Creating WPF Cascaded ComboBox In MVVM

Developing enterprise-level software in .NET WPF usually requires you to work with MVVM design pattern. This is what I have been doing mostly in Keysight as a full stack software engineer. Today I would like to share a simple .NET C# tutorial for creating WPF cascaded ComboBox using MVVM implementation.

Understand the basic MVVM architecture

Before we get started, I would like to share how MVVM pattern works. Take a look on the diagram below:

Image: MVVM architecture
MVVM architecture

Here are some explanations about the diagram above:

  • View - This is the UI code (XAML). The view is responsible for defining the structure, layout, and appearance of what the user sees on the screen. No business logic applied here.
  • Model - This is a data model along with business and validation logic. We use this as the managers for particular classes.
  • ViewModel - This is what we called the “glue” that binds View and Model together. It’s responsible for handling the view logic (sometimes we called “UI logic”). Typically, the view model interacts with the model by invoking methods in the model classes. The view model then provides data from the model in a form that the view can easily use. The view model retrieves data from the model and then makes the data available to the view, and may reformat the data in some way that makes it simpler for the view to handle. The view model also provides implementations of commands that a user of the application initiates in the view.

Getting started

This is the initial structure of the project looked like in my Visual Studio:

Solution 'ComboBoxMVVMExample' (1 project)
└── ComboBoxMVVMExample
	├── Properties
	├── References
	├── Model
	├── View
	├── ViewModel
	├── App.config
	├── App.xaml
	└── MainWindow.xaml

There are basically started with main directories called Model, View and ViewModel. Within the ViewModel directory, I created two common class files called RelayCommand.cs and ViewModelBase.cs:

Solution 'ComboBoxMVVMExample' (1 project)
└── ComboBoxMVVMExample
	├── Properties
	├── References
	├── Model
	├── View
	├── ViewModel
	|	├── RelayCommand.cs
	|	└── ViewModelBase.cs
	├── App.config
	├── App.xaml
	└── MainWindow.xaml

Source code for the common classes

Here’s the source code for ViewModelBase.cs file:

using System;
using System.ComponentModel;
using System.Diagnostics;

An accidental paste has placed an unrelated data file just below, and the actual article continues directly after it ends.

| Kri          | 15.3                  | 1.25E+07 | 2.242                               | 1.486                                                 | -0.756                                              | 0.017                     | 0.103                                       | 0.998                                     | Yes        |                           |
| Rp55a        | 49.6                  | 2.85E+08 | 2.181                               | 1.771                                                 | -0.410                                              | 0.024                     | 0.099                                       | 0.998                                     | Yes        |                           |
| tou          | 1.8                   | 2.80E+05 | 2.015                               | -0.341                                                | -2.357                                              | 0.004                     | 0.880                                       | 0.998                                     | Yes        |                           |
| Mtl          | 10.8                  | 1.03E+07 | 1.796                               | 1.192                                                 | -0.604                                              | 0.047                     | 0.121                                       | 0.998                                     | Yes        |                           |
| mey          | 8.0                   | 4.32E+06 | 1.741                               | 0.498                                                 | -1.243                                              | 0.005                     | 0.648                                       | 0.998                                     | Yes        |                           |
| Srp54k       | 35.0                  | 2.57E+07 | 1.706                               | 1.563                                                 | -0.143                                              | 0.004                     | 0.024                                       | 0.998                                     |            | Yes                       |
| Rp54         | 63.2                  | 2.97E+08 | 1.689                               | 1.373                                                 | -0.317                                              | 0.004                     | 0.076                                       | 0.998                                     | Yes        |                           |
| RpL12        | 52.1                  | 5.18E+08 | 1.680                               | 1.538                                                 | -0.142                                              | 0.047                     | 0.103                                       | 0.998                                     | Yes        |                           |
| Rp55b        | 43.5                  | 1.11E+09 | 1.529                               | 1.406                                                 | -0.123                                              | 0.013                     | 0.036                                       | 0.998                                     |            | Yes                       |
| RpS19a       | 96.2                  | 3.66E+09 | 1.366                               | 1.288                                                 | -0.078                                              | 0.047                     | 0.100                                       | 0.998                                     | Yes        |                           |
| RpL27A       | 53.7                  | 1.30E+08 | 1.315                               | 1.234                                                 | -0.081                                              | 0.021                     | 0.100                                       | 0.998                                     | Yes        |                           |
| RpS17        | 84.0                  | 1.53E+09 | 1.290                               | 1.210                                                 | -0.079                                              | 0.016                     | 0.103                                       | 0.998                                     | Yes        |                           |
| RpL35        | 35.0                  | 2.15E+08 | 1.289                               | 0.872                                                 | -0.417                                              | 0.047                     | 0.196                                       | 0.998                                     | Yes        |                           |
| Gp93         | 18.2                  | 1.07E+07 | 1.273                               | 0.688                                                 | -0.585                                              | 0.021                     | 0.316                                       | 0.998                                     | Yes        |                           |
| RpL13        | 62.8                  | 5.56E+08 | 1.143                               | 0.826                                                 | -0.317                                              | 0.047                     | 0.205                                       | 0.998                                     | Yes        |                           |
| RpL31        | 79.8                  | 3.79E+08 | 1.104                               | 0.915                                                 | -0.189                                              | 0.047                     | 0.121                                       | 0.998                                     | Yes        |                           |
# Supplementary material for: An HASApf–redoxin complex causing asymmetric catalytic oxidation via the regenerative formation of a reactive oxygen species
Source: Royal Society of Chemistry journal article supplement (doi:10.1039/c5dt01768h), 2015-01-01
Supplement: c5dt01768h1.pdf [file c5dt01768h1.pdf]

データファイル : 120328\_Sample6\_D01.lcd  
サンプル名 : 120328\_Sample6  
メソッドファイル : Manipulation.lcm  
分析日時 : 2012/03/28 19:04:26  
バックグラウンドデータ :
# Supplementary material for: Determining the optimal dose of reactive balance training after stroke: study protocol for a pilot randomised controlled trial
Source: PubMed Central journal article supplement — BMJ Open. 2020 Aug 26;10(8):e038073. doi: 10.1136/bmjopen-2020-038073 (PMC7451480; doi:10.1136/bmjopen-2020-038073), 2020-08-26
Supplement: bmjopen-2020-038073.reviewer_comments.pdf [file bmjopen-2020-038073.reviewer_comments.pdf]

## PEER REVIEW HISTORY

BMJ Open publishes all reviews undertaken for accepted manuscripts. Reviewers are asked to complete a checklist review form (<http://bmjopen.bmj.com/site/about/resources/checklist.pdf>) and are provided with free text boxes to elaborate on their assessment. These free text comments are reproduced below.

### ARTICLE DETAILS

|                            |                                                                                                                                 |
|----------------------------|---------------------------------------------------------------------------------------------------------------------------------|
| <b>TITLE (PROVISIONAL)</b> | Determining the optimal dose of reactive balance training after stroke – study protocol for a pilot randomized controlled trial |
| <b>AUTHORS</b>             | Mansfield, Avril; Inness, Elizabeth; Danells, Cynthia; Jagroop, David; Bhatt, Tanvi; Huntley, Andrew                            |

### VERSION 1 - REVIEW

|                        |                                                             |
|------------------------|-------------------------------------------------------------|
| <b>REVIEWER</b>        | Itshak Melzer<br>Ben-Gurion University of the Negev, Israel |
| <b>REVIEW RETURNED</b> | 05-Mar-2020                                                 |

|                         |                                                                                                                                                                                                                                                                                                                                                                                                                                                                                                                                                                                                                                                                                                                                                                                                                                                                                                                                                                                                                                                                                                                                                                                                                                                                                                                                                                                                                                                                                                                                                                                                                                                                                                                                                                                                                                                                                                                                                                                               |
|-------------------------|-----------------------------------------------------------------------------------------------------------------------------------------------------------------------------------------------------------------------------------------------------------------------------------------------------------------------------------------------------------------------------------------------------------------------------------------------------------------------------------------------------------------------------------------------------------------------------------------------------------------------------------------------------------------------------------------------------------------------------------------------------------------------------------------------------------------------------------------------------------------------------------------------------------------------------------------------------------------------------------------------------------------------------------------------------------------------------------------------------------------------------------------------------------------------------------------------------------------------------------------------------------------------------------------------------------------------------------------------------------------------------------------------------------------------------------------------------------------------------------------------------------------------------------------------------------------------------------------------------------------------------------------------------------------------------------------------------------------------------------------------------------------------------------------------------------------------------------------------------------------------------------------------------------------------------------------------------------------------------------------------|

namespace ComboBoxMVVMExample.ViewModel
{
    public abstract class ViewModelBase : INotifyPropertyChanged
    {
        [Conditional("DEBUG")]
        [DebuggerStepThrough]
        public virtual void VerifyPropertyName(string propertyName)
        {
            if (TypeDescriptor.GetProperties(this)[propertyName] == null)
            {
                string msg = "Invalid property name: " + propertyName;
                if (this.ThrowOnInvalidPropertyName)
                    throw new Exception(msg);
                else
                    Debug.Fail(msg);
            }
        }
        protected virtual bool ThrowOnInvalidPropertyName { get; private set; }
        public virtual void RaisePropertyChanged(string propertyName)
        {
            this.VerifyPropertyName(propertyName);
            OnPropertyChanged(propertyName);
        }
        public event PropertyChangedEventHandler PropertyChanged;
        protected virtual void OnPropertyChanged(string propertyName)
        {
            this.VerifyPropertyName(propertyName);
            PropertyChangedEventHandler handler = this.PropertyChanged;
            if (handler != null)
            {
                var e = new PropertyChangedEventArgs(propertyName);
                handler(this, e);
            }
        }
    }
}

The ViewModelBase class implements INotifyPropertyChanged interface to enable the property binding between the View and ViewModel code.

Here’s the source code for RelayCommand.cs file:

using System;
using System.Diagnostics;
using System.Windows.Input;

namespace ComboBoxMVVMExample.ViewModel
{
    public class RelayCommand : ICommand
    {
        readonly Action<object> _execute;
        readonly Predicate<object> _canExecute;

        public RelayCommand(Action<object> execute)
            : this(execute, null)